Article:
[swift-evolution] Proposal: Universal dynamic dispatch for method calls

Slava Pestov spestov at apple.com
Sat Dec 12 17:36:45 CST 2015

> On Dec 11, 2015, at 11:45 PM, Chris Lattner via swift-evolution <swift-evolution at swift.org> wrote:
> 3. C++: C++ is a step up from C in terms of introducing dynamism into the model with virtual functions.   Sadly, C++ also provides a hostile model for static optimizability - the existence of placement new prevents a lot of interesting devirtualization opportunities, and generally makes the compiler’s life difficult.

Interesting, I haven’t heard that placement new is problematic before. What are the problems involved (feel free to reply off-list). Is it legal to use placement new to replace an existing instance and change its vtable pointer or do aliasing rules prohibit that?

> Swift is another case of a hybrid model: its semantics provide predictability between obviously static (structs, enums, and global funcs) and obviously dynamic (classes, protocols, and closures) constructs.

Yeah. It’s also pretty cool how a consequence of the runtime generics model is that all value types can be manipulated reflectively, without penalizing static code. I think the key concept here is separating in-memory data from metadata needed for runtime manipulation (value witness tables, protocol conformances etc). I hope more languages design around this in the future.

>  A focus of Swift (like Java and Javascript) is to provide an apparently simple programming model.  However, Swift also intentionally "cheats" in its global design by mixing in a few tricks to make the dynamic parts of the language optimizable by a static compiler in many common cases, without requiring profiling or other dynamic information..  For example, the Swift compiler can tell if methods in non-public classes are never overridden (and non-public is the default, for a lot of good reasons) - thus treating them as final.  This allows eliminating much of the overhead of dynamic dispatch without requiring a JIT.  Consider an “app”: because it never needs to have non-public classes, this is incredibly powerful - the design of the swift package manager extends this even further (in principle, not done yet) to external libraries. Further, Swift’s generics provide an a static performance model similar to C++ templates in release builds (though I agree we need to do more to really follow through on this) -- while Swift existentials (values of protocol type) provide a balance by giving a highly dynamic model.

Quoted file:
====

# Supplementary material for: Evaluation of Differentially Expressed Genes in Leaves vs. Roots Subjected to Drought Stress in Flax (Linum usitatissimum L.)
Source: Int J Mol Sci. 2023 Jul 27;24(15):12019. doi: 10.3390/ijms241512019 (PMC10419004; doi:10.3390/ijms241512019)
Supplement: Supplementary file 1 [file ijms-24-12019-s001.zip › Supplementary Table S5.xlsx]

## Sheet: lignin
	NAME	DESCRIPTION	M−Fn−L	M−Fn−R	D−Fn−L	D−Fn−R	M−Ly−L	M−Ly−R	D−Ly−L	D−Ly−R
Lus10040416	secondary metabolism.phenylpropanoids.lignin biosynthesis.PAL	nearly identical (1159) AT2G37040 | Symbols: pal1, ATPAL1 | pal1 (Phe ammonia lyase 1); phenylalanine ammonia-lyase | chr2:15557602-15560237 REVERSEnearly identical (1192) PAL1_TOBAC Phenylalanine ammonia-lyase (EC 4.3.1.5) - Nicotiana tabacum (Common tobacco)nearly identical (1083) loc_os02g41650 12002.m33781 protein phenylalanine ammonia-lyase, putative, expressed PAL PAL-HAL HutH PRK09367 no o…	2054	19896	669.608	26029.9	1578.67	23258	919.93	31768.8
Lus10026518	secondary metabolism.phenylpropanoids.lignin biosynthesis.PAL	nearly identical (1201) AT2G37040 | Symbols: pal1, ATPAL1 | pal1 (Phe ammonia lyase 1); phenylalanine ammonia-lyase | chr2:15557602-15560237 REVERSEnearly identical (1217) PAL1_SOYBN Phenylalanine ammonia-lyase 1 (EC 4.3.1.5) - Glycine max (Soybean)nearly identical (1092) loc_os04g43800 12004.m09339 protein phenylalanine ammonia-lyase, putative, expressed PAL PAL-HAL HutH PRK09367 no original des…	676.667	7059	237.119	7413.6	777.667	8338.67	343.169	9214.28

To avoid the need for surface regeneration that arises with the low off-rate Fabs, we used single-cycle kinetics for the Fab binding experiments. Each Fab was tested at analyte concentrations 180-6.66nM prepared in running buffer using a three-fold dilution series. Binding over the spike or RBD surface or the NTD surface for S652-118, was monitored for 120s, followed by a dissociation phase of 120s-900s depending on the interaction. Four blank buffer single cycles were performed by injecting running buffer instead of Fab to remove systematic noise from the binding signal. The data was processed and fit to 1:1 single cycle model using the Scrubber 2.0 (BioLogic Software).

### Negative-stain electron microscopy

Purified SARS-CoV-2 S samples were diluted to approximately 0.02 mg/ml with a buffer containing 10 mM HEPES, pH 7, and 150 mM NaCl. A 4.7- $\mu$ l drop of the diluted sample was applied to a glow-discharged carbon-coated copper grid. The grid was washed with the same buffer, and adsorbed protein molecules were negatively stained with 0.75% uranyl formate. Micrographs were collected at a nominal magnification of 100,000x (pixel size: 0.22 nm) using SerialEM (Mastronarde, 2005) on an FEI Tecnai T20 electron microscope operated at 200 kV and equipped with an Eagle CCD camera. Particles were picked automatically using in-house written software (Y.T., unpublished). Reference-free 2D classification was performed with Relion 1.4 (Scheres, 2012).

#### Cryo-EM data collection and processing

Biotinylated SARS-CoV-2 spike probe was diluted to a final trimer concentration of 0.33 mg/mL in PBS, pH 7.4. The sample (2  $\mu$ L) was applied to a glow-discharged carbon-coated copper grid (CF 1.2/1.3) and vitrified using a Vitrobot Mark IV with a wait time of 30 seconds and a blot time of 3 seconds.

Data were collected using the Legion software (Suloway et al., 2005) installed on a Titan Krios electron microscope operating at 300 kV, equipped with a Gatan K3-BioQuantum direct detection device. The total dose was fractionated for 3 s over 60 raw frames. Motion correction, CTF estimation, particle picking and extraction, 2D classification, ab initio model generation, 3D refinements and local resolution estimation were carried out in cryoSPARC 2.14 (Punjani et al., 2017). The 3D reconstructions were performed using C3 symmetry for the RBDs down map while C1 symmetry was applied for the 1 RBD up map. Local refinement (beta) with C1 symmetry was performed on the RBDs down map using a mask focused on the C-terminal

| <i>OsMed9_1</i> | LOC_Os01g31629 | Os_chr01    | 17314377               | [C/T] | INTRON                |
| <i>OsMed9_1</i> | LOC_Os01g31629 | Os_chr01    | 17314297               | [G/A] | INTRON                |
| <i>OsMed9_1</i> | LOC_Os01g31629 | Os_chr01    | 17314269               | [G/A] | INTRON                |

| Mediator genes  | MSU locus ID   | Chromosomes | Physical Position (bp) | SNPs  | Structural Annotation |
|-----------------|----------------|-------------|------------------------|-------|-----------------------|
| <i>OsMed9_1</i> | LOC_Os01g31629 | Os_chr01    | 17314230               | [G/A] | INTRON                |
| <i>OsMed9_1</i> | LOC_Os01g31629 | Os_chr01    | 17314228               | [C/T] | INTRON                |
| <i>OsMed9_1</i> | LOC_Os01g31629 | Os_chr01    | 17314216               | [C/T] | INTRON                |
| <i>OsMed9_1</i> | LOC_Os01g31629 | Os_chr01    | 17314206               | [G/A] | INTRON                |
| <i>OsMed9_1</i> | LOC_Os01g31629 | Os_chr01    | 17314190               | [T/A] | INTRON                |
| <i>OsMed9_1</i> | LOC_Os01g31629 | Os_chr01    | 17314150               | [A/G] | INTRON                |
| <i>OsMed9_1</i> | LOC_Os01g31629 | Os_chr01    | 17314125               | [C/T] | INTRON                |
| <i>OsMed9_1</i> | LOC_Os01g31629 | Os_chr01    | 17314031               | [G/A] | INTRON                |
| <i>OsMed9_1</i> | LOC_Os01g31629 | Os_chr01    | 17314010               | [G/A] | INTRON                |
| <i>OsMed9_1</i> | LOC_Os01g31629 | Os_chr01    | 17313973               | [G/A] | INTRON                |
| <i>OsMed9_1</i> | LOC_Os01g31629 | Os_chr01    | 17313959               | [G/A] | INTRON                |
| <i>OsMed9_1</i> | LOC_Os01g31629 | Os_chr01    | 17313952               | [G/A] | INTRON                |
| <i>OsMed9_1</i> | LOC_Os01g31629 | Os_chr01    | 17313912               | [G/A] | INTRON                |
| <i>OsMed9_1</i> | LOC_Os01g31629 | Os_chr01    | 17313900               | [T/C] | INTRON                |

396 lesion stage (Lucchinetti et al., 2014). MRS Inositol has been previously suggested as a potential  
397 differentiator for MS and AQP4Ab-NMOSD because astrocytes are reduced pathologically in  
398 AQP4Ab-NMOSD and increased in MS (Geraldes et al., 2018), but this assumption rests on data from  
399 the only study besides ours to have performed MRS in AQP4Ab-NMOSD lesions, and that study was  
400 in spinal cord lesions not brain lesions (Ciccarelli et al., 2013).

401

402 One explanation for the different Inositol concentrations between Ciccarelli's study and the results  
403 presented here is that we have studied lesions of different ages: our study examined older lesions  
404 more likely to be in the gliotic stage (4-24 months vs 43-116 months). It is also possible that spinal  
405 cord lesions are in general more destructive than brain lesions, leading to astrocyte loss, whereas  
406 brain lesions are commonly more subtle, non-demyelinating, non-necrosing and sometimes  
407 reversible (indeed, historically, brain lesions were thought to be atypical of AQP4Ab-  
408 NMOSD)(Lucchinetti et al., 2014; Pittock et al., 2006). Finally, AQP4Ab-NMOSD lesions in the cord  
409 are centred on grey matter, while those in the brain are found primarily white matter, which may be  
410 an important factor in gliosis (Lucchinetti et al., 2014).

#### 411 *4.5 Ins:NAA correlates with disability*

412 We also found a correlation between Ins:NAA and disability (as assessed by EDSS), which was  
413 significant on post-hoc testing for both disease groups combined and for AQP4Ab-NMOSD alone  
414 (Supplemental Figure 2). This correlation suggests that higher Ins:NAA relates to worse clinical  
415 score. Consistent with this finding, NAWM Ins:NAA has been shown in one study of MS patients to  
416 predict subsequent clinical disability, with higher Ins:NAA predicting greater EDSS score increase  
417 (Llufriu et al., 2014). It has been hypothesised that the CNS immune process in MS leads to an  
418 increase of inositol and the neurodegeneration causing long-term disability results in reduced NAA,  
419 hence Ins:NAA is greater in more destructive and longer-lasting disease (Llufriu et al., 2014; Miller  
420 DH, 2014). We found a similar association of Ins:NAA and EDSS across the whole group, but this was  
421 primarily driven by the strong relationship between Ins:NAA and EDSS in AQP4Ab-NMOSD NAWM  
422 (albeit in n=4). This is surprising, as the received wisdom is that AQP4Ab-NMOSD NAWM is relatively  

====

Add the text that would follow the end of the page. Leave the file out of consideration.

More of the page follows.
> The upshot of this is that Swift isn’t squarely in either of the static or dynamic camps: it aims to provide a very predictable performance model (someone writing a bootloader or firmware can stick to using Swift structs and have a simple guarantee of no dynamic overhead or runtime dependence)

To be fair, we still emit implicit heap allocations for value types whose size isn’t known. So your boot loader will have to avoid generics (and non- at noescape closures), at least :-)

Actually, for code within a single module, are we always able to fully instantiate all generics?

> Finally, while it is possible that a JIT compiler might be interesting someday in the Swift space, if we do things right, it will never be “worth it” because programmers will have enough ability to reason about performance at their fingertips.  This means that there should be no Java or Javascript-magnitude "performance delta" sitting on the table waiting for a JIT to scoop up.  We’ll see how it works out long term, but I think we’re doing pretty well so far.

JITs can teach us a lot about optimizing for compile time though, which would help REPL usage, tooling and scripting.


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